Here in Massachusetts, we’ve had quite a bit of wet weather. Okay, perhaps that’s an understatement as one of my horse paddocks is threatening to become a lake and just yesterday I swear I saw the beginnings of gills developing on my Shetland Ponies…
We had a quick reprieve last week from the massive amount of rain. Enough to enable us to till our vegetable garden, plant some bulbs and start to prepare our animals for the upcoming (and very much dreaded) cold weather. Wood has been stacked, the pumpkins and last few apples were picked, the CSA we had been a part of finished up their last offerings.
My kitchen has been warmed constantly by the cooking, canning and feasting that fall brings. We’ve preserved our pickles, sauerkraut, a few jams and jellies, countless bags of kale, swiss chard and bok choi. We’ve made our first sausage (turkey, of course) in a traditional Italian style and even prepared some phenomenal duck sausage. The freezer is packed with local, pastured chicken. Yet, even with all this delicious, local food.. we’re anxiously anticipating our first Winter CSA. It’s something our family hasn’t tried before and we are eagerly awaiting November. I love the CSAs, we are so fortunate to live in an area with many great farms offering shares of delicious vegetables. It’s nice to have something to look forward to “post harvest”.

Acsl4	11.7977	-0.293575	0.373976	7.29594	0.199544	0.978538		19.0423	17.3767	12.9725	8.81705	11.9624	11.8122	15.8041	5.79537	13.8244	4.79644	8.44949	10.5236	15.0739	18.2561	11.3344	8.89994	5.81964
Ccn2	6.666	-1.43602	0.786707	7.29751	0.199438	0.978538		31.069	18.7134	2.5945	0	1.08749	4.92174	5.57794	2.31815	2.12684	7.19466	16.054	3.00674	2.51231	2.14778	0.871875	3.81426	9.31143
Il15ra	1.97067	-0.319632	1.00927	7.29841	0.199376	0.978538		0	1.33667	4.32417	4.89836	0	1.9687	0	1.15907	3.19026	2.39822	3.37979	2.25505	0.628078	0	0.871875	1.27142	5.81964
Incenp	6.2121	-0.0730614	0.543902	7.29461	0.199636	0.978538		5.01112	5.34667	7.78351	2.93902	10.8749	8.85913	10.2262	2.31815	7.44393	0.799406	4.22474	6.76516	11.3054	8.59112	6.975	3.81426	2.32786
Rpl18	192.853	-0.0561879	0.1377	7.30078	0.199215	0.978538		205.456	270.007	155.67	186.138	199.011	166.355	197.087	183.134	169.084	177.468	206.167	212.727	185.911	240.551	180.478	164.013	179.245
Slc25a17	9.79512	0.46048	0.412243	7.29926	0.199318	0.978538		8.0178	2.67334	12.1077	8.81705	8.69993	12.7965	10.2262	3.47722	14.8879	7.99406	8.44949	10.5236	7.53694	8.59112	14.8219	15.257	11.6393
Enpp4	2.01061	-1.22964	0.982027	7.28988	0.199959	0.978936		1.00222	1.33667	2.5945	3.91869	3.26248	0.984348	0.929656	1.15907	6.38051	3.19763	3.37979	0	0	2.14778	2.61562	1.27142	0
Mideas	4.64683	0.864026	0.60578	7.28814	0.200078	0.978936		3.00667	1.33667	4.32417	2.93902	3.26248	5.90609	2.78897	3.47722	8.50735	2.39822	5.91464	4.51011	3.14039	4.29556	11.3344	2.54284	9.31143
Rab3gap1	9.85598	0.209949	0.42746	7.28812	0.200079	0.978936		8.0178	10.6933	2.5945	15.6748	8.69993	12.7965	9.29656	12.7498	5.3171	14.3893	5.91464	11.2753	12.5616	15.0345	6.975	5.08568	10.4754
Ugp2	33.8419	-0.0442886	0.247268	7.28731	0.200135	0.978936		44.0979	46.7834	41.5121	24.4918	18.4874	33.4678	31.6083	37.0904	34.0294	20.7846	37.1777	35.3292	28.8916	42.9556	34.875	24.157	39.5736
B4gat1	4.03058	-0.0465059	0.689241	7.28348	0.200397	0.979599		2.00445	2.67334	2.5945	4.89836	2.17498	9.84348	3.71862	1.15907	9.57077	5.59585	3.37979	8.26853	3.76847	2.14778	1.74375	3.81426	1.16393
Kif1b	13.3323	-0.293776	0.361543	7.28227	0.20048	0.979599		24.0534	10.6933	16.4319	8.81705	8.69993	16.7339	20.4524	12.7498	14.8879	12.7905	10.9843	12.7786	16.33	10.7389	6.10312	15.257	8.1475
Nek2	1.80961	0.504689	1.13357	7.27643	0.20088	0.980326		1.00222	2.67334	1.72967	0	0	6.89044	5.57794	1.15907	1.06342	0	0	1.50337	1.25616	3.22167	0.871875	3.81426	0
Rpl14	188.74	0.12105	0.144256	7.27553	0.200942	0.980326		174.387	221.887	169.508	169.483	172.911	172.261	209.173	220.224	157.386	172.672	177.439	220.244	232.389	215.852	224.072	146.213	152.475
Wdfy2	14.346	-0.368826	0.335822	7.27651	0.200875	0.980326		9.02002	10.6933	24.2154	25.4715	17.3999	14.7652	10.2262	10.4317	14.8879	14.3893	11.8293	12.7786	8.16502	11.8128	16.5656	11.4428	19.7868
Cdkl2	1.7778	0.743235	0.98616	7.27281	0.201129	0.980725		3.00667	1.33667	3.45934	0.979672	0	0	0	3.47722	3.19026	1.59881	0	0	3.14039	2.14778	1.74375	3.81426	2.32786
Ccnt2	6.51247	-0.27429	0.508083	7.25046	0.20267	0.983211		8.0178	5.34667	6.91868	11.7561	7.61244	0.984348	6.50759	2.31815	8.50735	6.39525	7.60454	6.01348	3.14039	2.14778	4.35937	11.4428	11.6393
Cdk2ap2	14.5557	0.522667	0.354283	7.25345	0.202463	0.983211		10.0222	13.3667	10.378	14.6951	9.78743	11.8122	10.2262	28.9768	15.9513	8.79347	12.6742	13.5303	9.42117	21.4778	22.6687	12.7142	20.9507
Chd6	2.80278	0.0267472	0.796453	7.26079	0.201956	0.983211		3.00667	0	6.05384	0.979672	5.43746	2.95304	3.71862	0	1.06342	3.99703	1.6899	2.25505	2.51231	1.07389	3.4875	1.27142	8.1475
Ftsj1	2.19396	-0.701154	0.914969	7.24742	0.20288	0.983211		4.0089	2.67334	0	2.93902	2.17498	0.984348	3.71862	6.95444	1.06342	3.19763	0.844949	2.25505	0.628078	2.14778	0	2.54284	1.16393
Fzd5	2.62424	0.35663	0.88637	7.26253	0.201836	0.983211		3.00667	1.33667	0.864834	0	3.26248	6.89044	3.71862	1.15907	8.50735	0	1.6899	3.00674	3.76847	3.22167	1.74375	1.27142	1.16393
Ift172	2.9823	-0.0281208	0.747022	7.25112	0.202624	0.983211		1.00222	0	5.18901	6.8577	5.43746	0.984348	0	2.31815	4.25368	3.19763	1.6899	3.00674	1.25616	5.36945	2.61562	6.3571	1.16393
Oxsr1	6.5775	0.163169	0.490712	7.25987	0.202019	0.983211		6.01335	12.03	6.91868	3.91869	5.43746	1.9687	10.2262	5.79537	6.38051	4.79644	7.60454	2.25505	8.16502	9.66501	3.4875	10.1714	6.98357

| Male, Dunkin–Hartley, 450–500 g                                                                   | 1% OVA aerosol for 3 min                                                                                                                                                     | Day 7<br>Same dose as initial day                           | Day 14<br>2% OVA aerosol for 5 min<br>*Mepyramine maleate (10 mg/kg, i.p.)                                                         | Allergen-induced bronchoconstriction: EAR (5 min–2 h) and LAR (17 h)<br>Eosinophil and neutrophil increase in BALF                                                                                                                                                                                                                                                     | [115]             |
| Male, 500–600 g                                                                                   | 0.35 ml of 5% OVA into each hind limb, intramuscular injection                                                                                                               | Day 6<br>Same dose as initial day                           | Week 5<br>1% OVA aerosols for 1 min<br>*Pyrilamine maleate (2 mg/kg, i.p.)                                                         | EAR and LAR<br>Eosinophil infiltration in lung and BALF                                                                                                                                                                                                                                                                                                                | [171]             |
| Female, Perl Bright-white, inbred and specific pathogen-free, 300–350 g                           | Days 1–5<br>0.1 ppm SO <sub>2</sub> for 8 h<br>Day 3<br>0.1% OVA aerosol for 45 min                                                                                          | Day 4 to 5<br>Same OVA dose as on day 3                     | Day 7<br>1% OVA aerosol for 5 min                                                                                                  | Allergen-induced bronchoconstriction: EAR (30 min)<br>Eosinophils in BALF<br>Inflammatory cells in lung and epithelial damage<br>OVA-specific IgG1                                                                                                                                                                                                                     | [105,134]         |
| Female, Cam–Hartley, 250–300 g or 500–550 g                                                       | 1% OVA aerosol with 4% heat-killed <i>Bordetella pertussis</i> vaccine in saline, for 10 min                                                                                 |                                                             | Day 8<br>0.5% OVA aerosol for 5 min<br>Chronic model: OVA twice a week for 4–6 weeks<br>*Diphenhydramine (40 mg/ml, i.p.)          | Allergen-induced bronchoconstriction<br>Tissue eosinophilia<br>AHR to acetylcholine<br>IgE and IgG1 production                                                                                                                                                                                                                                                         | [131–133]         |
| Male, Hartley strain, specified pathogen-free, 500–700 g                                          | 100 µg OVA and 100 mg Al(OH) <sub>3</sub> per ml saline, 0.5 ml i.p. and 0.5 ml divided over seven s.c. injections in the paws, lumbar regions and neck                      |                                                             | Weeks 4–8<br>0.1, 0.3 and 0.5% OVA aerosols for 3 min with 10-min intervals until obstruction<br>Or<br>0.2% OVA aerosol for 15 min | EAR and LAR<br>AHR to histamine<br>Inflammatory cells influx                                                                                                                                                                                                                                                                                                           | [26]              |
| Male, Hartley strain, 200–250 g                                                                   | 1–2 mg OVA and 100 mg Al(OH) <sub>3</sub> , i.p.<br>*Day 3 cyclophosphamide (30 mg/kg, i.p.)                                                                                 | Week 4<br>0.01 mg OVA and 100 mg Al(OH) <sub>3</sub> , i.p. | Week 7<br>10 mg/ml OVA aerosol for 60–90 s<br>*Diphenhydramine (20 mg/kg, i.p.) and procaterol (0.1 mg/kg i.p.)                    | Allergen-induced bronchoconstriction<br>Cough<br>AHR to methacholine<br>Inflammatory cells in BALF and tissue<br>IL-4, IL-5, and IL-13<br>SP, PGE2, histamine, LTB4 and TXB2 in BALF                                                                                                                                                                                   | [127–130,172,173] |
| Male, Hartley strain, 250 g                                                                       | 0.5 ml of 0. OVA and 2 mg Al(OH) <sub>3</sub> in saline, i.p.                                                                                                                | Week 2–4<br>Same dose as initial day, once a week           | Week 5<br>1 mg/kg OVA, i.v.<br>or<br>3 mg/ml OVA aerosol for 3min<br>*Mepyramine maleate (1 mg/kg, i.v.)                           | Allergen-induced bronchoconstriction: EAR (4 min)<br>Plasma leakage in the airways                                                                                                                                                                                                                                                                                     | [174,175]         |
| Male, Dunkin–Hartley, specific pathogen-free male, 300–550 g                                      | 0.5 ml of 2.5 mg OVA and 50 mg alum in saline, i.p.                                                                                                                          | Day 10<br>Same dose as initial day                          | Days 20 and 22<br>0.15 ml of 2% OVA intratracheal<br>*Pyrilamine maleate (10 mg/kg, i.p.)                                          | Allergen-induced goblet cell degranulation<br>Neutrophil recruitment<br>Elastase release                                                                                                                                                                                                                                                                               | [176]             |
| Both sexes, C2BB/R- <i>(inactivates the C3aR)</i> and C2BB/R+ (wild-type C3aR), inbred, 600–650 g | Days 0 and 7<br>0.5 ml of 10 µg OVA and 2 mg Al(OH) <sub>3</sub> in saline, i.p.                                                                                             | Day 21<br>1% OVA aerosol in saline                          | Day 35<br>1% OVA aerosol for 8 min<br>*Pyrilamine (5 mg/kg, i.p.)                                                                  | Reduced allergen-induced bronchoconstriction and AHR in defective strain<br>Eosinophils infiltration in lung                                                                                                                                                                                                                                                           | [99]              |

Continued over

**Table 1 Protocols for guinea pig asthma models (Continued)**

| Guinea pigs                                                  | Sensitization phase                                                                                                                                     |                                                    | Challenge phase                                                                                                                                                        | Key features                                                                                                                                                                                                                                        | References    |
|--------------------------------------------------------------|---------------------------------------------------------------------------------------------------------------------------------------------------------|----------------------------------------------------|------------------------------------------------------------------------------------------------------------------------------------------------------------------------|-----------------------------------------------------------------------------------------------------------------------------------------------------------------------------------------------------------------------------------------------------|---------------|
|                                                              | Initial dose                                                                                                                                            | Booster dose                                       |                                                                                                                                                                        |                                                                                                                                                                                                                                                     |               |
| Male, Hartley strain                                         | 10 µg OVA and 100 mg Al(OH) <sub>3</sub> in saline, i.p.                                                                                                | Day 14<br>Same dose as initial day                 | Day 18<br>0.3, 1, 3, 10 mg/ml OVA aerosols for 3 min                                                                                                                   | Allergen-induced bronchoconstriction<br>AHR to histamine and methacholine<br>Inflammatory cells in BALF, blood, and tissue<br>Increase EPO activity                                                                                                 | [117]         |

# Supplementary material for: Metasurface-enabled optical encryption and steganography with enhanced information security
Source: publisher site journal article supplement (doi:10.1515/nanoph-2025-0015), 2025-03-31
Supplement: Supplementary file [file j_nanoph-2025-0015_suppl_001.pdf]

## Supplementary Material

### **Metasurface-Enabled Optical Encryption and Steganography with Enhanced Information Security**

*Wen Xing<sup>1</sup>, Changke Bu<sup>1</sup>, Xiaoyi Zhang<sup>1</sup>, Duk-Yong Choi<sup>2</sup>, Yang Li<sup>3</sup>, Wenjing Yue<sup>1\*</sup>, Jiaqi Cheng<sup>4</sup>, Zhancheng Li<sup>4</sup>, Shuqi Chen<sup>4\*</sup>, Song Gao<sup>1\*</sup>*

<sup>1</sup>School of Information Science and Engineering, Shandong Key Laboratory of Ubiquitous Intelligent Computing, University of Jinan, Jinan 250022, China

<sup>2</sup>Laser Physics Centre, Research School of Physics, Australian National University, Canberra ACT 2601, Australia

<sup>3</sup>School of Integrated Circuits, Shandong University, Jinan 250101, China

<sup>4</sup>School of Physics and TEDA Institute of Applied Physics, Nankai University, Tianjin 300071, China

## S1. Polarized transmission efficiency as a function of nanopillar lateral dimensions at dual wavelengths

I love to think about how much good we’re doing with eating locally. It’s so much more than a convenience. Reducing energy consumption is absolutely a priority. Supporting local farming, local families? Yes, please! Fresher vegetables and meats mean better health for you and your family. The less your food travels, the more nutritious it is.
But.. to be honest.. that isn’t my favorite part about Fall/Harvest/Farm Life. I absolutely adore teaching my daughters about where food really comes from. Whether it be dairy, turkey, or our own vegetable and herb gardens, my children enjoy learning about food. We have carefully chosen our tiny seeds and planted them in their beds. We’ve watered, fed and weeded. They have eaten tomatoes straight off the vine, picked basil leaves for fresh pesto, helped me make cheese with farm fresh milk from our dairy, dug carrots out of the ground and collected eggs from our hens or quails. Often, I ask my children where food comes from. Sadly, all too often I’ll hear “the grocery store!”
I’m proud to say my children answer, “the FARM!” with great enthusiasm. It certainly makes the rain and cool weather worth while, watching them in the kitchen as we store our own fall harvest. They know the farm is a fortunate place to be and they know local food tastes best. Just ask them. 🙂